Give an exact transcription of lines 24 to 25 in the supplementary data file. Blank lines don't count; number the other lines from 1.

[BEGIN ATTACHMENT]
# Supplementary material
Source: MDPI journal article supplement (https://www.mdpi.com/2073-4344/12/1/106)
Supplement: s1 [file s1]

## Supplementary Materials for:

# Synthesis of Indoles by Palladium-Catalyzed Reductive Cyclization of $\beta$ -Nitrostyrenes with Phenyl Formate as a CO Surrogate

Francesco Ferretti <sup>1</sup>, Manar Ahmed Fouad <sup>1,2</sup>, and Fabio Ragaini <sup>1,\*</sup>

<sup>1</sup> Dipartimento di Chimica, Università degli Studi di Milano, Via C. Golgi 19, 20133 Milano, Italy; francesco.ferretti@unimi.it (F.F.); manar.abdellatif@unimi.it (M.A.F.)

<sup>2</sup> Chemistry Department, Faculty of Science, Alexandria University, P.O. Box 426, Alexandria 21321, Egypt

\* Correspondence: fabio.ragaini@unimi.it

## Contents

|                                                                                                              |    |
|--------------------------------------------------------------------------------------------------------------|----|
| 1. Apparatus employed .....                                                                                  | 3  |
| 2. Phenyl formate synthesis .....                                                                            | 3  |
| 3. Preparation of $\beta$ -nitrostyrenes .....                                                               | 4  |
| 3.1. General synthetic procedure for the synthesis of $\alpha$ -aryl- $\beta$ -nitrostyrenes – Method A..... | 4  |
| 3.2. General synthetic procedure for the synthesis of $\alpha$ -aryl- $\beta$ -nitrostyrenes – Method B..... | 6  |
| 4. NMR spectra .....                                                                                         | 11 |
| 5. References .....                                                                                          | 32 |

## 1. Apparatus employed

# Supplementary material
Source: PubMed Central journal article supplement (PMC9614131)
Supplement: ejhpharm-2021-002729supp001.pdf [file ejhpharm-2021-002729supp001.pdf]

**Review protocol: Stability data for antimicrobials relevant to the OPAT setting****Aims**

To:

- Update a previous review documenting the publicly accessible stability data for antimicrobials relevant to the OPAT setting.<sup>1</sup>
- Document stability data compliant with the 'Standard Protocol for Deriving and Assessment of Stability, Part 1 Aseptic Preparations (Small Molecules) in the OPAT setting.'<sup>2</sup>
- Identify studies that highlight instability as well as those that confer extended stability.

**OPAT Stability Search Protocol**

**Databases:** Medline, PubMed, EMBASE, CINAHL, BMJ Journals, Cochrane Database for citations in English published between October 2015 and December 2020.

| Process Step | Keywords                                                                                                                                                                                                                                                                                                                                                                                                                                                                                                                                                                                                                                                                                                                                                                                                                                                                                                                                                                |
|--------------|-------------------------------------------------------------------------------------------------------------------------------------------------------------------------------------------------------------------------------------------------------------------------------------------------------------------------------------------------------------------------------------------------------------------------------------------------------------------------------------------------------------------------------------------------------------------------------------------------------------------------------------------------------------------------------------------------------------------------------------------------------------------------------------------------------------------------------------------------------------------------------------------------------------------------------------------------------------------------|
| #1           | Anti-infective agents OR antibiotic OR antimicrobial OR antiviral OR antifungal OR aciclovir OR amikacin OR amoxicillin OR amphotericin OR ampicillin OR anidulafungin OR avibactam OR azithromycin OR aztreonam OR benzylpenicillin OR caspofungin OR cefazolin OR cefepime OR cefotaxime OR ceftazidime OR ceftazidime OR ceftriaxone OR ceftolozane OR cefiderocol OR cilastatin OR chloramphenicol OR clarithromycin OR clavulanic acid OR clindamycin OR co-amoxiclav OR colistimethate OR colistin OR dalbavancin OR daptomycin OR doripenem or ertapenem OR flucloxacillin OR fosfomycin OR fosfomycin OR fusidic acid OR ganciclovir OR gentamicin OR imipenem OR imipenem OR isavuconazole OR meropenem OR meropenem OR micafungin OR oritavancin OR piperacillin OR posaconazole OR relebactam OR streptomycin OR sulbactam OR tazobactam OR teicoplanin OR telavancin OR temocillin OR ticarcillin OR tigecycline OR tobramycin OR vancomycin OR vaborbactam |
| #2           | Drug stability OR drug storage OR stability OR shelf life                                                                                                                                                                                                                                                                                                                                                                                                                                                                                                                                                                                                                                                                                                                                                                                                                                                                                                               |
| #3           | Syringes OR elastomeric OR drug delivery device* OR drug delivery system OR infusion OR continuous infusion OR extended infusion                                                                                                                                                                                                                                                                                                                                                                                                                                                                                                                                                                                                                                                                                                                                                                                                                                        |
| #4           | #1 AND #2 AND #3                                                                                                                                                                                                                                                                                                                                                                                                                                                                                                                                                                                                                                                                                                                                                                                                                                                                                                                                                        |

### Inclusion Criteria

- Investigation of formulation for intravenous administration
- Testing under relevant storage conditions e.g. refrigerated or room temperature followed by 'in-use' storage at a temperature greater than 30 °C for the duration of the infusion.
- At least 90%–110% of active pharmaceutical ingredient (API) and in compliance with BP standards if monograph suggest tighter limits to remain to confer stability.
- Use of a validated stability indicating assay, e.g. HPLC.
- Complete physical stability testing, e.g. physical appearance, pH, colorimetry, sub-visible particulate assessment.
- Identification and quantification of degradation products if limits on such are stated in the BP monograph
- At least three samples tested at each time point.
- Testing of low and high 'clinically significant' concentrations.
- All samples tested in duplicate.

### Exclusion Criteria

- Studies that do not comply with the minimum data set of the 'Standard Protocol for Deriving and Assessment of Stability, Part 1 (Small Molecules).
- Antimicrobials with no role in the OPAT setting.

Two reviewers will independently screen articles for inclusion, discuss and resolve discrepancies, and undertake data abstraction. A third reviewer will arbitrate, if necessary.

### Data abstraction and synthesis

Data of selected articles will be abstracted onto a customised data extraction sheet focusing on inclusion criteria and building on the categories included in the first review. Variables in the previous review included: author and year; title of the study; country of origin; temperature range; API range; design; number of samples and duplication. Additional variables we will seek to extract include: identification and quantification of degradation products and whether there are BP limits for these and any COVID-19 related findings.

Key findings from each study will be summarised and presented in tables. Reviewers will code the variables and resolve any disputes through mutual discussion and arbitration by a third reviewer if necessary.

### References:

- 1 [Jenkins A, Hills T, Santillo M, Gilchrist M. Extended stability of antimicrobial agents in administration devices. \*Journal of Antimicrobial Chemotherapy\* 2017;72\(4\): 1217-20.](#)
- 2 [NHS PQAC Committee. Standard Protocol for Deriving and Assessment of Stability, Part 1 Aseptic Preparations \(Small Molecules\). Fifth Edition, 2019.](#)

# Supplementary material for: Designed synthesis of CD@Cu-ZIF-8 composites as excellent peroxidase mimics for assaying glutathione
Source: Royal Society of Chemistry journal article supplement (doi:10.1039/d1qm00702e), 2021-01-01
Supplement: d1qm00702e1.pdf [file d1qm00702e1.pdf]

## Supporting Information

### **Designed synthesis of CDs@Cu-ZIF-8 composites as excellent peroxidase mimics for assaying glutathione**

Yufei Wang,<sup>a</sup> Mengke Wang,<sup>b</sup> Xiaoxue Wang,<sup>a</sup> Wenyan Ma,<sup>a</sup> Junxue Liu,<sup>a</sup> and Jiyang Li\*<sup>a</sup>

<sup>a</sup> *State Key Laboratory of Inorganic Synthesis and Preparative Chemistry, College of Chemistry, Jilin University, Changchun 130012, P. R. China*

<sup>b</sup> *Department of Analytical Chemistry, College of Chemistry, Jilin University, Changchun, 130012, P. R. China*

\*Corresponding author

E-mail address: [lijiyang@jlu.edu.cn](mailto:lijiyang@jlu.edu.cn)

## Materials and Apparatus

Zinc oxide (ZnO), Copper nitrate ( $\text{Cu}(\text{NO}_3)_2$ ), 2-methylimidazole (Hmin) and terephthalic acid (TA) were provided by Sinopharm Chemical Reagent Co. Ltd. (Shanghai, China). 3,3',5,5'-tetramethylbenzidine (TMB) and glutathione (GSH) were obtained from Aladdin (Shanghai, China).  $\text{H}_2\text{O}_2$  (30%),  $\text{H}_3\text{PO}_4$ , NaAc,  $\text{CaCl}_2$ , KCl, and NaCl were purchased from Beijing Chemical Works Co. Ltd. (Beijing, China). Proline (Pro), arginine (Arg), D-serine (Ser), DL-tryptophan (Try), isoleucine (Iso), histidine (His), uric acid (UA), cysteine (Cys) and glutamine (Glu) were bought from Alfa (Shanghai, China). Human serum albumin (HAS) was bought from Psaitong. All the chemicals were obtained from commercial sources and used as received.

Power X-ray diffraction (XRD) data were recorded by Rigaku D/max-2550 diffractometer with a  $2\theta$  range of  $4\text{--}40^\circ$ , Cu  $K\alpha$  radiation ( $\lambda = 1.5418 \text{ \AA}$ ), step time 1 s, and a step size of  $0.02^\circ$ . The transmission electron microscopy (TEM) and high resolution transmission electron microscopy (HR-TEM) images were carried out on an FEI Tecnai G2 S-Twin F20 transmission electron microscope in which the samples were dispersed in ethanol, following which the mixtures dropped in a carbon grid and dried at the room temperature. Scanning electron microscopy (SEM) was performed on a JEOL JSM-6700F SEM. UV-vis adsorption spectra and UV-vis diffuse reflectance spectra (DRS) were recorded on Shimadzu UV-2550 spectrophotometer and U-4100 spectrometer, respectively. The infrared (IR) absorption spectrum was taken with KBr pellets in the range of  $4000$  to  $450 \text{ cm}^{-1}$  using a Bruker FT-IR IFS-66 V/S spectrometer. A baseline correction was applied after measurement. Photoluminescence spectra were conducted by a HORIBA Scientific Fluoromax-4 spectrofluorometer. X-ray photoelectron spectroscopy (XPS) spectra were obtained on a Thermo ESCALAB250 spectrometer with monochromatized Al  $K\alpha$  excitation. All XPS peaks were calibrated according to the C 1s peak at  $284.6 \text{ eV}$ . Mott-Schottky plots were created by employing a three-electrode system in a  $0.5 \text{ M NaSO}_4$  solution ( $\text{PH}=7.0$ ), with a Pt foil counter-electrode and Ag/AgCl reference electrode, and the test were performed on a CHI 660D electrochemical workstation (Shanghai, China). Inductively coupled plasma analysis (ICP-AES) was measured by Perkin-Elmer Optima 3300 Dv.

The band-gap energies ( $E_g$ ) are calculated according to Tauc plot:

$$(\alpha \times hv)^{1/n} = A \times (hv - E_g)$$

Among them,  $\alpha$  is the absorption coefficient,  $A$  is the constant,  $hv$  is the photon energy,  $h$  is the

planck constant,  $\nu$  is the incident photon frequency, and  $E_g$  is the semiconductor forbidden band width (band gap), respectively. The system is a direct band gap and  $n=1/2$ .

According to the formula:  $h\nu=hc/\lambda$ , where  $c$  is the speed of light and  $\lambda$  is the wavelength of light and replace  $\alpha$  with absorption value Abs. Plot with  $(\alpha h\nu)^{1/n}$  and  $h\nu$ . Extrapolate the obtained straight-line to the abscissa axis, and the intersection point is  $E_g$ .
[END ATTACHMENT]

**Review protocol: Stability data for antimicrobials relevant to the OPAT setting****Aims**

To: